Spotify is now advertising its 320 kbps bitrate as ‘high-quality sound’ to its Premium subscribers. Meanwhile, Amazon Music HD tracks have an average bitrate of 850 kbps.
Back in 2017, Spotify tested offering lossless audio for an additional $5—$10 cost. That’s around the same price services like Tidal, Amazon Music, and Qobuz charge for their hi-res audio content. But Spotify ultimately decided against the move, noting that users are more interested in the content itself, a great interface, and other features.
The standard bitrate for the Spotify desktop app is 160 kbps for free users. Mobile devices get an even more compressed 96 kbps bitrate. But subscribing to Spotify Premium unlocks access to 320 kbps audio streaming, which Spotify advertises as ‘high-quality sound.’
High-fidelity or lossless audio usually delivers a significantly higher bitrate. For example, Amazon Music HD offers HD tracks with an average bitrate of 850 kbps. Its Ultra HD tracks have an average bitrate of 3,730 kbps.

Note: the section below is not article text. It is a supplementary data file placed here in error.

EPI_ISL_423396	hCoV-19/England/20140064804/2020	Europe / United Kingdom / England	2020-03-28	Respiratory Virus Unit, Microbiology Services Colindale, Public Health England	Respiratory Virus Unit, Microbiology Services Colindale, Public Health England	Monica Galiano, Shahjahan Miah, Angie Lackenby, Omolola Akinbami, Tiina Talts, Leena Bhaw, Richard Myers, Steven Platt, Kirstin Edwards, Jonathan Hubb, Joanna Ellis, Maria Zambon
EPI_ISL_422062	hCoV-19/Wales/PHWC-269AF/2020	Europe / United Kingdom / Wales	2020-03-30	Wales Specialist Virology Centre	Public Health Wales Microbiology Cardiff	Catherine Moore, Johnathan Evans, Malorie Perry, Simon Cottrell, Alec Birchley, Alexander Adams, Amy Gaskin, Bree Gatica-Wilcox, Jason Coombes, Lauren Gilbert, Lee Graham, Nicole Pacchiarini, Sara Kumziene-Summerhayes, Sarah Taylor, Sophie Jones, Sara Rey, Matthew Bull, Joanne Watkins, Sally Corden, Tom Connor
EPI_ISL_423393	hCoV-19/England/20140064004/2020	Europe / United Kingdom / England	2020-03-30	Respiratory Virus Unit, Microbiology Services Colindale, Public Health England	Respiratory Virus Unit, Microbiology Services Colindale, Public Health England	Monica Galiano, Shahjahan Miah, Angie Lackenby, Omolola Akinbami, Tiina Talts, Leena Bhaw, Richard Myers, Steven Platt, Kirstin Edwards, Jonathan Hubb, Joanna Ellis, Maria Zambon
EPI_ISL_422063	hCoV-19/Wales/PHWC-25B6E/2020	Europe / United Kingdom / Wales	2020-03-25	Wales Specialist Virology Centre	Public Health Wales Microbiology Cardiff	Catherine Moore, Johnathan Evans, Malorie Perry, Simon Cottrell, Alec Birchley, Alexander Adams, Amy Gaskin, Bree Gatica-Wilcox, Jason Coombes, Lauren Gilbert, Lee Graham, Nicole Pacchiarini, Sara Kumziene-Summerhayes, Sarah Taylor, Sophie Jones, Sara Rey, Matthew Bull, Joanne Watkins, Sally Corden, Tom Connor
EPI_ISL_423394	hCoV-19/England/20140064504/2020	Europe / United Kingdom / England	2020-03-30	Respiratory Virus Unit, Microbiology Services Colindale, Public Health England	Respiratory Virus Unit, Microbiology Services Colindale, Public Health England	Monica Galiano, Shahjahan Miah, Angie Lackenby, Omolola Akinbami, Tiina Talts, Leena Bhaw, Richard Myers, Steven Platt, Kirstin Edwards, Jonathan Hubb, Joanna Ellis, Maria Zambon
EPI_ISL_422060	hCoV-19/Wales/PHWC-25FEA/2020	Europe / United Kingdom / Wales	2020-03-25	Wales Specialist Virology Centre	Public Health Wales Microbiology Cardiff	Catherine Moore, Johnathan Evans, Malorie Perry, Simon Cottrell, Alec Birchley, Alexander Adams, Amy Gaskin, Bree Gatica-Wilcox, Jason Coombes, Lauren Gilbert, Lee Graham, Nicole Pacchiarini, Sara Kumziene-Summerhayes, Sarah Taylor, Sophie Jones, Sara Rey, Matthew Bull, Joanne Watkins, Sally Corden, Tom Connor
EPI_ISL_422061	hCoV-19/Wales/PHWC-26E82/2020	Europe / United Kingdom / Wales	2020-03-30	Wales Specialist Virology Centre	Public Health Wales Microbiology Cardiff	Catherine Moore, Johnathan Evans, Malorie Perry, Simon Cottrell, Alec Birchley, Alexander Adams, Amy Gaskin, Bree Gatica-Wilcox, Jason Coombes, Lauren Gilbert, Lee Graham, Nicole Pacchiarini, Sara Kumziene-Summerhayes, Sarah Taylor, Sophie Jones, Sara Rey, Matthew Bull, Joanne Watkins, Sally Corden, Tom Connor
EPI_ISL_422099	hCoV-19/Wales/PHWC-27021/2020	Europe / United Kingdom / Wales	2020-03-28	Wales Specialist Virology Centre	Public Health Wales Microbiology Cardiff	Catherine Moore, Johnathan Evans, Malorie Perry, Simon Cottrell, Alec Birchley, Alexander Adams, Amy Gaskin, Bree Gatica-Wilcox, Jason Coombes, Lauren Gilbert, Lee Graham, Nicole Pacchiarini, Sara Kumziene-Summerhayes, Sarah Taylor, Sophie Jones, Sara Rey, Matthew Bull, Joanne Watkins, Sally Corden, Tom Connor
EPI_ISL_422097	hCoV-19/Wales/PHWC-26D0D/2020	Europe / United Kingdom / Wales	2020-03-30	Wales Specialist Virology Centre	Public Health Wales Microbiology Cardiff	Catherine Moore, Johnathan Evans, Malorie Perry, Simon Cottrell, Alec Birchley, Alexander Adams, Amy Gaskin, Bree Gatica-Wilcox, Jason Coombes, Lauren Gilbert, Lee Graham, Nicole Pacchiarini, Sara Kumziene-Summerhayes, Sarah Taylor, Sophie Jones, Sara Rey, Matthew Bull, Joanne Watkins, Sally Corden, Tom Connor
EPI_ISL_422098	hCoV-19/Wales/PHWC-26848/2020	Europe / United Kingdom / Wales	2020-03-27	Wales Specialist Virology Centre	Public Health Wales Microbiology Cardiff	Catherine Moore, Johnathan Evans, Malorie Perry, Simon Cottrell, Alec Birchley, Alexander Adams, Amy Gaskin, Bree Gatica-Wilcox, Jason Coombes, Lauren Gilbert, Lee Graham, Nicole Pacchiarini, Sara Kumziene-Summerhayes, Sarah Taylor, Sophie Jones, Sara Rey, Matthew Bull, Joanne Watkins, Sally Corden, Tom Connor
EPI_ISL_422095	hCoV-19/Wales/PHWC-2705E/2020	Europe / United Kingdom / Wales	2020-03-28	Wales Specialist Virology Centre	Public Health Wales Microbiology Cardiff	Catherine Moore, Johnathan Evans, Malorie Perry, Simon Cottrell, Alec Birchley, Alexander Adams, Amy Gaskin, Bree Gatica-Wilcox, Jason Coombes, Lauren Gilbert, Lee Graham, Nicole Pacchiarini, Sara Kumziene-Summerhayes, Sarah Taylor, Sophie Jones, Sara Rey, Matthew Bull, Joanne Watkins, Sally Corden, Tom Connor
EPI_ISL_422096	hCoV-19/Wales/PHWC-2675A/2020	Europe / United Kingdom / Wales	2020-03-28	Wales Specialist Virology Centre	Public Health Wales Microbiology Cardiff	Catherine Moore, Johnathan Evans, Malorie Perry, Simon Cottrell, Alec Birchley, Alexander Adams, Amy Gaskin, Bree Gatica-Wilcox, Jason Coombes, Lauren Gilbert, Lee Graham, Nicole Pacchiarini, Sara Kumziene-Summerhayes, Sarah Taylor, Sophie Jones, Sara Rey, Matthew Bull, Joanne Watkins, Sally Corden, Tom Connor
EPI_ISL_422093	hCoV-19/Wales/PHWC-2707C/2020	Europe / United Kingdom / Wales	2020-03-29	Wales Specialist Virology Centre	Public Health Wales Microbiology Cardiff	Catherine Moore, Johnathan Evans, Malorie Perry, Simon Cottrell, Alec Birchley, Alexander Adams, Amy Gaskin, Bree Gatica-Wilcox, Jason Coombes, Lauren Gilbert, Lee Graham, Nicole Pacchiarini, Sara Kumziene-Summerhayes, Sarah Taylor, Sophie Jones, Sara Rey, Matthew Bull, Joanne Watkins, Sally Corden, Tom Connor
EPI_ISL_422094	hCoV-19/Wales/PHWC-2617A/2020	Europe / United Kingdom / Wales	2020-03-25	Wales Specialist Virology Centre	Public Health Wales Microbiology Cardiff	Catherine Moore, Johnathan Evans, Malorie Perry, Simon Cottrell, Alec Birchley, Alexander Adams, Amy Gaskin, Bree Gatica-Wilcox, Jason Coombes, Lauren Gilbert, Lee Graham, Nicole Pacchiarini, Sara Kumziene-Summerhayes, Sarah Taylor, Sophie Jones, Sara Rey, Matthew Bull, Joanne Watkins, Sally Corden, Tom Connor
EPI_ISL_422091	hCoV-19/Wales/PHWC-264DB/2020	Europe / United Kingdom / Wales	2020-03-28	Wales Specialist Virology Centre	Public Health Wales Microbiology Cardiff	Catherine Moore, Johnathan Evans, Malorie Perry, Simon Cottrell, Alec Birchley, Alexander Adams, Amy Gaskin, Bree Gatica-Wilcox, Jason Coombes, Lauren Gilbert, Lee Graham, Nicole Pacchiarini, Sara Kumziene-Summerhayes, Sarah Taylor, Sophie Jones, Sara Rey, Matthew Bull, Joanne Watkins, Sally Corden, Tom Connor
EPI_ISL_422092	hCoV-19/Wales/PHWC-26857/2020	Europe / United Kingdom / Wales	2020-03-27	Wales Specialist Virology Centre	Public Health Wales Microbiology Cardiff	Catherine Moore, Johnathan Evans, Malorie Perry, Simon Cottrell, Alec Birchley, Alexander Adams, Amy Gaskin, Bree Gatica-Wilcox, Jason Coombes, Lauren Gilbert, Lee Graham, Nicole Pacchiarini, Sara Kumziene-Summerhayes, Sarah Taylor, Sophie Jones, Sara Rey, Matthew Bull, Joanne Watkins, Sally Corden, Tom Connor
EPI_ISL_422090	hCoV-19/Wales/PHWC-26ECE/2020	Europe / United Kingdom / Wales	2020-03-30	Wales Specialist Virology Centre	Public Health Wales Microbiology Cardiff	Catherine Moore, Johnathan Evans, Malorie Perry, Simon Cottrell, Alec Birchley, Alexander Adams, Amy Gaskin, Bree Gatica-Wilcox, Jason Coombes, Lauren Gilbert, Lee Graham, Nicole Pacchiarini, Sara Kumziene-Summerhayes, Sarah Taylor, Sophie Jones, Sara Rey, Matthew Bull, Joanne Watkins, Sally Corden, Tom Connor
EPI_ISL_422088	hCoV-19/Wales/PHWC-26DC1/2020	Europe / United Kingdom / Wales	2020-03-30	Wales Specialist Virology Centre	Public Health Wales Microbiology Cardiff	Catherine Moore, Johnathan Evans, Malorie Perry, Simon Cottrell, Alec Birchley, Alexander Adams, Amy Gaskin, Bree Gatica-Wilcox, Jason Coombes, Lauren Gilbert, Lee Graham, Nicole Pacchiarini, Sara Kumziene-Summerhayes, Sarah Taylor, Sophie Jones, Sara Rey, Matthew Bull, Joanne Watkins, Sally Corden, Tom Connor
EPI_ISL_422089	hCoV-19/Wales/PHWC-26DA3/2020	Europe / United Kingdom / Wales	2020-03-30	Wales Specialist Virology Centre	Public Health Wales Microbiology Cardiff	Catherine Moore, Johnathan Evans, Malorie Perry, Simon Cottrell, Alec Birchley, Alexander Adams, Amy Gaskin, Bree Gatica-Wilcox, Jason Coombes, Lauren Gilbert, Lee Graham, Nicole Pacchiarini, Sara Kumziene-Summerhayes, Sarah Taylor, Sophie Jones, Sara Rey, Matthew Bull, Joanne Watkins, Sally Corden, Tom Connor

Compressed songs are achieved by using an algorithm to remove bits from the track. The algorithm focuses explicitly on bits that are undetectable to the human ear (or at least less detectable). The result is a reduction in file size with a minimal loss in quality.
For the average user, it may be impossible to tell the difference between various bitrates. The range of soundcards and speakers on the market also determines how much of the track is discernible.
NPR experimented with this concept back in 2015 when Tidal blitzed the market with a hi-end offering. A six-question quiz features tracks in three different bitrates to showcase the differences. You might be surprised by your results, since the vast majority of people don’t own audio equipment designed for listening to high-quality sound.
Equipment, room size, and even the shape of your ears can make a difference here. That’s one reason Sony is working on (yet another) high-fidelity audio format that can cater to your ear shape.
So maybe 320 kbps is ‘high-quality sound’ for Spotify Premium users. But for genuine Hi-Fi users? Most certainly not. With Amazon’s hat in the ring with actual lossless audio, Spotify may be forced to reconsider its fidelity strategy.